Management Accounting-Performance Evaluation: Grahame Steven Compares Budgeting Methods and Considers Whether the Activity-Based Approach Provides a Basis for Better Financial Planning

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Although a number of commentators have questioned the value of budgeting and continue to question it (see September's Study notes article on paper P1, for example), most companies use budgets, since they provide a framework for strategic direction and operational control. For instance, a CIMA-backed research project involving 41 UK companies last year revealed that only one of the sample didn't use budgets. It's clear, therefore, that budgeting is still part of the lifeblood of enterprise, but the key question concerns how to ensure that it remains relevant for modern organisations.

Let's look at the fictional case study of Great Wall Cellars to compare and contrast conventional budgeting, zero-based budgeting (ZBB) and activity-based budgeting (ABB). This company imports wine from China, which it then resells to off-licences and specialist food and drink outlets in the UK. At present, its customers send their sales orders by post to the sales office. The orders are entered into the computer system and sales confirmations are posted back to the customers. The sales office often has to deal with customer enquiries about orders, since the sales order cycle generally takes between five and ten days.

Great Wall Cellars' sales director recently produced sales figures for the annual budget after making a detailed analysis of current and projected demand for the company's products from current and new customers. Forecast sales were 8m [pounds sterling] and budget sales were 9m [pounds sterling]. The operations manager estimated that the sales office would incur costs of 200,000 [pounds sterling] in the current year.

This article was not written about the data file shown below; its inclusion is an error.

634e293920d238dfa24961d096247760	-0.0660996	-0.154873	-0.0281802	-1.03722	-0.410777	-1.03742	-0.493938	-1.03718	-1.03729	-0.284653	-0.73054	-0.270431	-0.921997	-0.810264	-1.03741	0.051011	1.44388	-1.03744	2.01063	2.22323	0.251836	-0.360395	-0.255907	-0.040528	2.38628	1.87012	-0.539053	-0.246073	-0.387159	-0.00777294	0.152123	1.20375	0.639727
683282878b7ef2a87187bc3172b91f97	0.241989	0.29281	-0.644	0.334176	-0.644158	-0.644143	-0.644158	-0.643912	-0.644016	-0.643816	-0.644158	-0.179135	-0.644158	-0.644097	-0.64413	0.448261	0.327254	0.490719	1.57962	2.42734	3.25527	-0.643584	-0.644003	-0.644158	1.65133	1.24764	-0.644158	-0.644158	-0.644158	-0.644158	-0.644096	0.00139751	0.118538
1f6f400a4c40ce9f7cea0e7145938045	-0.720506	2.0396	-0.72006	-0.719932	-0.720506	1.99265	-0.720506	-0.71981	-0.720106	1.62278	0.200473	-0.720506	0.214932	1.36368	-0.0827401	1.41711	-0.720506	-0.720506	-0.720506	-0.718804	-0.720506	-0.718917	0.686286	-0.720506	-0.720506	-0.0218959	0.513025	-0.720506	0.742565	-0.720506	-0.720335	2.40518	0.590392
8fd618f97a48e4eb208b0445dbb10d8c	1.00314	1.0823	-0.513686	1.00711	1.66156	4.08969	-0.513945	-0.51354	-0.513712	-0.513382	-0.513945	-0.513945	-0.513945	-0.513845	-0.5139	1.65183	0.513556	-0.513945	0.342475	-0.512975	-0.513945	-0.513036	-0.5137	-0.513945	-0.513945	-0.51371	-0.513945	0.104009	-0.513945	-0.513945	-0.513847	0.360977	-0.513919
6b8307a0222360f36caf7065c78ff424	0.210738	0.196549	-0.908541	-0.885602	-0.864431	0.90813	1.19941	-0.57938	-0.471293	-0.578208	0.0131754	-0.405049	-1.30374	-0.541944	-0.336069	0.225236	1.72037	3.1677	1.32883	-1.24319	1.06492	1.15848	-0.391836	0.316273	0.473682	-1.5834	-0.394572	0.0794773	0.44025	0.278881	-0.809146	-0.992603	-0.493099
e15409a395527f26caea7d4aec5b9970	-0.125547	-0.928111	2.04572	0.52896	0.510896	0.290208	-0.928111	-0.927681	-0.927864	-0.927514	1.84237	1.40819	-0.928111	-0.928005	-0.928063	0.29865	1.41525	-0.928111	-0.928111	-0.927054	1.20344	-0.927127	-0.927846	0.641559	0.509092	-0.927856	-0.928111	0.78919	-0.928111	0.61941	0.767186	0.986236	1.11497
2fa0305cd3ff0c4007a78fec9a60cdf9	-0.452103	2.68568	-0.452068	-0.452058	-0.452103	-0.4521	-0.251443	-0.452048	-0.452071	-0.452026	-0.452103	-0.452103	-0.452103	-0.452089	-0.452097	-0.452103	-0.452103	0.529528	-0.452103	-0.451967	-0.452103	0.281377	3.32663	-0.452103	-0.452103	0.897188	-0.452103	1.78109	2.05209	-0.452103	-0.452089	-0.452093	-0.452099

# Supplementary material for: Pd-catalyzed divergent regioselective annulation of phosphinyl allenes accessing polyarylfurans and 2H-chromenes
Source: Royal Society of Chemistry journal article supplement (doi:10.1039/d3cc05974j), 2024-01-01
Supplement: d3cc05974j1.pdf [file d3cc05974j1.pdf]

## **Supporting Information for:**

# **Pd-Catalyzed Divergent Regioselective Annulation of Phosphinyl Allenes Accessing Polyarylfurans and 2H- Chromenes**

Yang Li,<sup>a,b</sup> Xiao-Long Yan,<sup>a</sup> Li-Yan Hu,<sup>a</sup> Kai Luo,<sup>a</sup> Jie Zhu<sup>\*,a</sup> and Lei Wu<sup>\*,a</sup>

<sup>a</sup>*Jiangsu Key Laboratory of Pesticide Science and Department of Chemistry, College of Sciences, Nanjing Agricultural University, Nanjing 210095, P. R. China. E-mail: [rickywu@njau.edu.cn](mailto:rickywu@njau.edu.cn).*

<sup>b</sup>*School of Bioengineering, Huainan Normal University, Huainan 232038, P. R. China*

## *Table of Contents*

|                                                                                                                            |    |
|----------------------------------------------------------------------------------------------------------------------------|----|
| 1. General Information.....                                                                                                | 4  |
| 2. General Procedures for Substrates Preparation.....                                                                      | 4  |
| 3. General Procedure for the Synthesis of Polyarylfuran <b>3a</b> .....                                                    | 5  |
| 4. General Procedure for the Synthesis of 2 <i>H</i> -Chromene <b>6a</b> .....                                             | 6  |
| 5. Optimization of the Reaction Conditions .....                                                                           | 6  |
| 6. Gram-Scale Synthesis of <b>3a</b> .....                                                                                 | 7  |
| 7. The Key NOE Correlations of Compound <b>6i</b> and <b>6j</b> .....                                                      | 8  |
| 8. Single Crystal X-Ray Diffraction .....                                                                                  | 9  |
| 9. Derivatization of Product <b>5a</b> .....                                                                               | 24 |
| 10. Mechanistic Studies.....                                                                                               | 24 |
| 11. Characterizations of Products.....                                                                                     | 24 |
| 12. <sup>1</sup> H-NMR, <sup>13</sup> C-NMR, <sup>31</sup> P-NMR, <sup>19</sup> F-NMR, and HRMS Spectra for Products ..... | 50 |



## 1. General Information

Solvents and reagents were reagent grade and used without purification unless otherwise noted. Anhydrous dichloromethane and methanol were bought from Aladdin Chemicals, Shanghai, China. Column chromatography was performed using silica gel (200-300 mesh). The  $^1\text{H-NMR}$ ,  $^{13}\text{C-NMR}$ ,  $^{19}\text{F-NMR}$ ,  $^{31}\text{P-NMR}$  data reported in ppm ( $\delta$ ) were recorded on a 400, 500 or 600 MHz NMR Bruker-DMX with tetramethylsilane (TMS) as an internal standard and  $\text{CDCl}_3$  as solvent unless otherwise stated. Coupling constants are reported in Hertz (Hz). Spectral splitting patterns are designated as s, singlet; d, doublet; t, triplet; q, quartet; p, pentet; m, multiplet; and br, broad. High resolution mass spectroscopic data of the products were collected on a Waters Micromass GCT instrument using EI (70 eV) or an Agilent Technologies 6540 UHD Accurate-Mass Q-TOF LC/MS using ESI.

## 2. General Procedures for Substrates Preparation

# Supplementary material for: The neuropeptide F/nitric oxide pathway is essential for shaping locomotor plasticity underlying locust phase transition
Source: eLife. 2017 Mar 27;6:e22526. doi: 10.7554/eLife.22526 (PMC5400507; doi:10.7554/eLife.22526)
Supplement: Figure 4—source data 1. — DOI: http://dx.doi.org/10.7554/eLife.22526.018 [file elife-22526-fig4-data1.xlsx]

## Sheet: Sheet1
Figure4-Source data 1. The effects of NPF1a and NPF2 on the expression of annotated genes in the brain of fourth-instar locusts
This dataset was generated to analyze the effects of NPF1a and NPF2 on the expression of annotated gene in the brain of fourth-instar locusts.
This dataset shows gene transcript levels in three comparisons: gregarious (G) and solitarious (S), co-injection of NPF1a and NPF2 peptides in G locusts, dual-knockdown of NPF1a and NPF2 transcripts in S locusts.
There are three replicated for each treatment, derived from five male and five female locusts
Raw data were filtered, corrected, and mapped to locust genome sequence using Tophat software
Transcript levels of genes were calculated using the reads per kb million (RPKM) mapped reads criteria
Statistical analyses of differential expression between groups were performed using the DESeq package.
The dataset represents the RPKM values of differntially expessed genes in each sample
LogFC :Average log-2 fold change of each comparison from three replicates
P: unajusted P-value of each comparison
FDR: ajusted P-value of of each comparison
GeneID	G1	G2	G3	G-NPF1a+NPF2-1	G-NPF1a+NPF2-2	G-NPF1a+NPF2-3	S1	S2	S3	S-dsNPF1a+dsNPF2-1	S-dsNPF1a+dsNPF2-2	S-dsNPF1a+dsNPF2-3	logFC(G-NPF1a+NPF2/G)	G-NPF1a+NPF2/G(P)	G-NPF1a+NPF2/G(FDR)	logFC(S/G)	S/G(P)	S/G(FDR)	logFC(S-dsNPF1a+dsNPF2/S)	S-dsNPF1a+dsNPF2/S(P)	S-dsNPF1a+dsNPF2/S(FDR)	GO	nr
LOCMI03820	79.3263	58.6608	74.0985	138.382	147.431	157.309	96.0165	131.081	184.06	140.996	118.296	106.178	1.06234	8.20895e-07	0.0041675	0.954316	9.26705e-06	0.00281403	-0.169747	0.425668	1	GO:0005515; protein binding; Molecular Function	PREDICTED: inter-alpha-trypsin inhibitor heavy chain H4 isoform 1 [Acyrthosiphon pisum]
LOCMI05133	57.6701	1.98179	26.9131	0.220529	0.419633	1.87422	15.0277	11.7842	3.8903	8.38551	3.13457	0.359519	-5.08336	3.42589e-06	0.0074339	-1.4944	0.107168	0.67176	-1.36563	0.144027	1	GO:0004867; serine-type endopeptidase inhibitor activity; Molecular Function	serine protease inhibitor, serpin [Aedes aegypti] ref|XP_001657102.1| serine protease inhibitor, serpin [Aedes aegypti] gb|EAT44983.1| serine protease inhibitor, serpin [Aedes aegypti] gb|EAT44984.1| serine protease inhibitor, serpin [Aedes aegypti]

Conventional budgeting, which is an incremental approach, uses a company's existing operations and current cost structure to determine budget costs. The starting point for this process is to obtain forecast costs for the current year. The next step is to make an adjustment to forecast costs based on budgeted output--eg, sales. The budget for the sales office will be set at 225,000 [pounds sterling]--ie, 9,000,000 [pounds sterling] / 8,000,000 [pounds sterling] x 200,000 [pounds sterling].

The sales office budget includes an inflation adjustment, since the budget selling price has been increased in line with the expected rate of inflation.

Conventional budgeting will provide accurate budget figures for variable costs such as direct materials, direct labour and sales commission, because these have a clear volume-based link with production/ sales. But this approach is unlikely to produce accurate figures for support departments, whose costs are largely fixed and semi-fixed and driven by other factors such as sales orders and purchase orders. In addition, no consideration is given to the cost of providing existing activities, since the focus is on incremental change. Inappropriate business practices may also be perpetuated, because no evaluation of current activities is made.

ZBB was developed in the sixties as an alternative approach to address the deficiencies of incremental budgeting--in particular, the non-evaluation of existing activities. This method asks the following key questions:

* Should an activity be performed?

* How much of an approved activity should be provided?

* How should the activity be undertaken?

* How well should the activity be done?

* Should the activity be performed in-house or subcontracted?

The ZBB approach will ensure that inappropriate activities are not undertaken, since it makes a full evaluation of existing activities in relation to future needs. The main disadvantage of this method is that it is extremely time-consuming, since it requires the gathering, analysis and evaluation of large amounts of data. As a result, it's used by very few companies.

The activity-based approach to budgeting is a more sophisticated version of traditional absorption costing. …